2 replies

    I like this idea - I may add the "other handed" version to the opposite side of the item shown in my sketch...

    I would be careful with the other handed version, simply because the other side of the saw usually doesn't have a lot of surface area to keep the saw level. I currently use a worm drive saw and it is particularly not fond of cutting on the other side because of its heft. Something else to keep in mind for the tube idea (I like the built in clamps if possible) is that the body of the saw will need to most likely ride over the straight edge part of it and it can limit the height of the straight edge unless you are pretty regularly cutting only thinner materials. The straight edge portion can be as short as the top of the plate on the saw, or as tall as the saw in the uppermost position that you will need to be cutting in.

    If you try the built in clamps in the tubes please post a picture.

    The other thing I would suggest if you have the space is that you may want to make a couple of lengths of the guides, one maybe four and a half feet and one eight feet long- that way you can use a less unwieldy guide for plywood crosscuts and use the longer one more solely for ripping.

    Thanks for sharing this saw/router guide. Looks really useful! I plan on using it soon. I've been thinking of using square tube for the upper "straight edge" piece. And also trying to dream up a way of insering a quick adjust flush clamp. (an integrated clamp might allow you to avoid dealing with C Clamps)

    2 replies

    I got inspired and have a sketch of a suggestion for improvement. If you have any additional thoughts - please share!

    Improved Saw-Router Guide.jpg

    Very good tip.  I think I saw this same idea on "Ask This Old House" several years back.

    1 reply

     It is an old idea and was surprised to not see it on here.  I first used it working at home on the weekends for personal stuff when working for a cabinet shop by day.  They had all the cool toys and I had the job sweeping up and spraying glue for a while (so no money for cool toys).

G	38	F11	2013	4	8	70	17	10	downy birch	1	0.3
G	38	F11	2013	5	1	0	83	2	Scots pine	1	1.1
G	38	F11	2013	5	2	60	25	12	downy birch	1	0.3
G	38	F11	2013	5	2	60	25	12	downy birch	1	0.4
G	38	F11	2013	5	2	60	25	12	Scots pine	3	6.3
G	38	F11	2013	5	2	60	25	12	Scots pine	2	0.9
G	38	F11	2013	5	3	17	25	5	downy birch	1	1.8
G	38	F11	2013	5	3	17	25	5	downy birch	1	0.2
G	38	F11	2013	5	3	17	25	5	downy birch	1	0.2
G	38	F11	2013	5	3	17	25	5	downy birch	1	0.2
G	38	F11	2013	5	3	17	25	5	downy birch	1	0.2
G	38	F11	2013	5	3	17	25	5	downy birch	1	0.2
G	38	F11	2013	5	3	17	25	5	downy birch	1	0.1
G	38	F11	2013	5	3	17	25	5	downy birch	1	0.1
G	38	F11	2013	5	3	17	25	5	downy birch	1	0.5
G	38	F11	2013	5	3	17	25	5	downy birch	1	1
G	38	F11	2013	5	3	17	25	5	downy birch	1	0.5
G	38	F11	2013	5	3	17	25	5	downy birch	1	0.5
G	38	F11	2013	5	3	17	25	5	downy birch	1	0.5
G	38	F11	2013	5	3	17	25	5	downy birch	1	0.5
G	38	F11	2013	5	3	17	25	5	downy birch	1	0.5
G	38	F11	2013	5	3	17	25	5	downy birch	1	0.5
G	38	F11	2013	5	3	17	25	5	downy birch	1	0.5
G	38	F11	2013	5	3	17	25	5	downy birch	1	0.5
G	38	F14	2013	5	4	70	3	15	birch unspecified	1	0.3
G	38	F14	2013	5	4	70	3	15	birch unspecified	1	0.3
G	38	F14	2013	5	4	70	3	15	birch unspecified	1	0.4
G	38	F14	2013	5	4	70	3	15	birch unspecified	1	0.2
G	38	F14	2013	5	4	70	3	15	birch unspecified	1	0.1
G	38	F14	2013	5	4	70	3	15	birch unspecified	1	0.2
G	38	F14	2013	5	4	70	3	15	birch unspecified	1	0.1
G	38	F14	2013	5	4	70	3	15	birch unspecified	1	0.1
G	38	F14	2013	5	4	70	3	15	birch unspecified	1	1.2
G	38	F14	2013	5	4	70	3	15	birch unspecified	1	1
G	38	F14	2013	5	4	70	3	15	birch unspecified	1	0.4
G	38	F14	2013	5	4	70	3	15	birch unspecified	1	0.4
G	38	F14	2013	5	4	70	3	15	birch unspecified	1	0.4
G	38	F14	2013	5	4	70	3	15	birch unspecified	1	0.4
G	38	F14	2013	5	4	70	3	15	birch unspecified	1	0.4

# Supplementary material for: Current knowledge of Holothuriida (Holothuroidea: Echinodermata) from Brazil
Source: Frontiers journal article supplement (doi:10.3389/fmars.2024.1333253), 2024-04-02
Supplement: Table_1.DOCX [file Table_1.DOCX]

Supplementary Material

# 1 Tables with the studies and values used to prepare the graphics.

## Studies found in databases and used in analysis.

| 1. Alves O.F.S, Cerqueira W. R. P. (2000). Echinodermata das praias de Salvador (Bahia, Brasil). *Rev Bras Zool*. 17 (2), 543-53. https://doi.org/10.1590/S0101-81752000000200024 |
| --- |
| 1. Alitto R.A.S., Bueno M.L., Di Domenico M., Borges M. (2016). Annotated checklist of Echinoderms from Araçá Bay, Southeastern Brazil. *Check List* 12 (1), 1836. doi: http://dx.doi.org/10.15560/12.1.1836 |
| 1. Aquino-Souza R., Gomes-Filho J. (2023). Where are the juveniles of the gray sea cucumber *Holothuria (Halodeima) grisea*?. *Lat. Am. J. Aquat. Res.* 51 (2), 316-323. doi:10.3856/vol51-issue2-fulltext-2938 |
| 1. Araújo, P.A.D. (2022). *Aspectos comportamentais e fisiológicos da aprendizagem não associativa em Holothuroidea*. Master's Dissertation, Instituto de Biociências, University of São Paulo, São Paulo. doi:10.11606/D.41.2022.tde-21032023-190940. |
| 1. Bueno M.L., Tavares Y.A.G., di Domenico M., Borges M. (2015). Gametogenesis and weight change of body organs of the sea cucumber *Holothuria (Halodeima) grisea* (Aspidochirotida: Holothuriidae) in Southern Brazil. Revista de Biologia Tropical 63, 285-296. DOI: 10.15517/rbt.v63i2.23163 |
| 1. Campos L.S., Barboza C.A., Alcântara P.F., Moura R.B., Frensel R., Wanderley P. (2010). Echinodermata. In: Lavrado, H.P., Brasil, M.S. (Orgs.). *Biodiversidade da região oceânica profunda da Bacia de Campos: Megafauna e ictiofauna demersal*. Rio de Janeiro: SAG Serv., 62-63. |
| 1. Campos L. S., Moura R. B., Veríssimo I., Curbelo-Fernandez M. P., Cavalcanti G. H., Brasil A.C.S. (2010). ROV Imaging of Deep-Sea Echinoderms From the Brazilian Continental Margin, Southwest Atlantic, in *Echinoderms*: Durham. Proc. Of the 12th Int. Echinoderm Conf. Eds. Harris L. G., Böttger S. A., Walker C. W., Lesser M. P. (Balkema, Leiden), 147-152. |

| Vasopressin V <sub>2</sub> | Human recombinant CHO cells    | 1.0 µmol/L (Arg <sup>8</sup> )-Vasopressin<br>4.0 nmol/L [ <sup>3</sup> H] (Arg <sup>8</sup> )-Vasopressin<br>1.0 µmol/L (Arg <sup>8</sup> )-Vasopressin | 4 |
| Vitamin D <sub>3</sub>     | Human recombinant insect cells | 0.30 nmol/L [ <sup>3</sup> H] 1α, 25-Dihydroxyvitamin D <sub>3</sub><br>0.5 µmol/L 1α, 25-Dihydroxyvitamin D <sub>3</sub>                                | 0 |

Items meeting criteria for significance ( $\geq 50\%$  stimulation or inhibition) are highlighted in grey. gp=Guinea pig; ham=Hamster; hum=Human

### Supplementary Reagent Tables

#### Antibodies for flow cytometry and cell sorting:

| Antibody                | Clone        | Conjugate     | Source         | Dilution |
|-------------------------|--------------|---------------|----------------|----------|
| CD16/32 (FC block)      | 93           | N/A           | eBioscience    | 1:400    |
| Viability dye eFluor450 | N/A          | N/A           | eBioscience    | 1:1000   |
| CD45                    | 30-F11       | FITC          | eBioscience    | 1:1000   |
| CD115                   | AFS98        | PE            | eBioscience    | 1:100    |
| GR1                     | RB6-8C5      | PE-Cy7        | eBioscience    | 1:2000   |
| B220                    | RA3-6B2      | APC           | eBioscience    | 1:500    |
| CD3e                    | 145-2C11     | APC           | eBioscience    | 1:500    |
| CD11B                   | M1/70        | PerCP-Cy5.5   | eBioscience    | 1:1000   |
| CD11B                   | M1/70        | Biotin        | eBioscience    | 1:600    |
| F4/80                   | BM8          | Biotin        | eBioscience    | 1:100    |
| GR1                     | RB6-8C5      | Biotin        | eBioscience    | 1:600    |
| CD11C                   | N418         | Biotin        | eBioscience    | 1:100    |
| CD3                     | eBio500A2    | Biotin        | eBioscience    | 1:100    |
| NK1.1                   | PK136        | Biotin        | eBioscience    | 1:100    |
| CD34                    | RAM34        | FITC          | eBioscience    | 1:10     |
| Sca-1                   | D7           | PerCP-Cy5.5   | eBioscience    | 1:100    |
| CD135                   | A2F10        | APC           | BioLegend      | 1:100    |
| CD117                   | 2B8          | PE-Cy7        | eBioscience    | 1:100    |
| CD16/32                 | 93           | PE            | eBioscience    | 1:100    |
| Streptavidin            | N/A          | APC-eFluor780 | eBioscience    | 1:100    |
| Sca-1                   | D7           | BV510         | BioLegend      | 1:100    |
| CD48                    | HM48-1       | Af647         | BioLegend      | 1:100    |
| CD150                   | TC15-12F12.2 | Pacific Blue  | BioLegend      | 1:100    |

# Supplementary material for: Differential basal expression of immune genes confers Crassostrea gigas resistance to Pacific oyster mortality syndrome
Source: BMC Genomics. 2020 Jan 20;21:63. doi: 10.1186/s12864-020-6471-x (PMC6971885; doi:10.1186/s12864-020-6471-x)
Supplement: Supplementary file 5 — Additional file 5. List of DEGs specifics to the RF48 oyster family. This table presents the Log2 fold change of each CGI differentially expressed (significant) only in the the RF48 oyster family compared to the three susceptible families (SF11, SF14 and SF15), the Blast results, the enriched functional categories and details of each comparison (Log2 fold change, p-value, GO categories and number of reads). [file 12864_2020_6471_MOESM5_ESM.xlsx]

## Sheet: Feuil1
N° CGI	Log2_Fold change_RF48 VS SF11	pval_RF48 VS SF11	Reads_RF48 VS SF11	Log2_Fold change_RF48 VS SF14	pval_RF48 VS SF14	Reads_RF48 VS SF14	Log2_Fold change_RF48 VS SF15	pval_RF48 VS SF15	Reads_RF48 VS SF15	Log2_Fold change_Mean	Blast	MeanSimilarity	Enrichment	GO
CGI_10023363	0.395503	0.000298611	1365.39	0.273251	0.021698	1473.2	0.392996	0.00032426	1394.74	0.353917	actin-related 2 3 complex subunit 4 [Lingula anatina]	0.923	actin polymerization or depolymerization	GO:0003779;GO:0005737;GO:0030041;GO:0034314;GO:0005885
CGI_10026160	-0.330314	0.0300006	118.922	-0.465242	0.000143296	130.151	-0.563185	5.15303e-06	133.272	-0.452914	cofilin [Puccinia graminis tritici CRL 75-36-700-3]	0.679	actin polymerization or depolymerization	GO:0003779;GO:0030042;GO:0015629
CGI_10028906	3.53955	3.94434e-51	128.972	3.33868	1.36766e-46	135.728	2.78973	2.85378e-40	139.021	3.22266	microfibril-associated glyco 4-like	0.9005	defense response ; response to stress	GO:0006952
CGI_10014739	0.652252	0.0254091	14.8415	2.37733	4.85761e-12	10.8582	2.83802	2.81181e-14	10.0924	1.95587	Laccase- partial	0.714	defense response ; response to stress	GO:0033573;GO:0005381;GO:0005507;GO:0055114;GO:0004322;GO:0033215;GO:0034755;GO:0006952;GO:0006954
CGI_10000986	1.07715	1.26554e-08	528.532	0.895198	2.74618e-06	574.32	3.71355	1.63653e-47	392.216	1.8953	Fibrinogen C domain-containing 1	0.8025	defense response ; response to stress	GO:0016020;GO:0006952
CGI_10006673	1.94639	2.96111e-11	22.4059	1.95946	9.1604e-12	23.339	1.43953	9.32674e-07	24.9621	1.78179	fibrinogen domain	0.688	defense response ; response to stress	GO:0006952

I have been rebuilding my "cool tool" collection after a couple of hard-hitting thefts, but old school still works best in some situations.

    Thank you for a good Instructable.  The user of this guide would also want to use the same saw blade always, or a difference in blade thickness would introduce error.  Fortunately, carbide tipped blades are not too expensive, do a good job even on plywood, and last decades for most home users.

    1 reply

     That and the width of carbide tipped blades (does anyone use anything else?!?!?  If so, why?!?!?!?!) is pretty standard at 1/8".  The width may vary as much as a 1/32nd of an inch, which translates to 1/64th inch error in the fence, which is often an acceptable error, and should be about worst case.

    I built a couple of these as a part of my workbench project.  Make sure that the you have enough width to clamp beyond the back end of the saw - my first attempt was too narrow, and as a result the clamps would get in the way of the body of the saw, when the saw was cutting at full depth.


    The "factory" edge of a sheet of plywood is usually about as straight as you can get.

    1 reply

     When I worked at a cabinet shop and we had a sliding table we would always use it to remove the factory edge because it was more precise to use the sliding carriage saw.  Since I no longer have access to a $20,000 table saw ( : P ) I would have a lumber supply do the edge for me.

    (If you aren't familiar with sliding carriage saws check out Altendorf saws online- that is the brand that I am familiar with)

    This seems like a really good idea. I've used a straight edge for years, but I always have to offset my straight edge from my marks by the distance from the blade to the edge of the saw foot. This does it all automatically, but with a slight loss in cutting depth.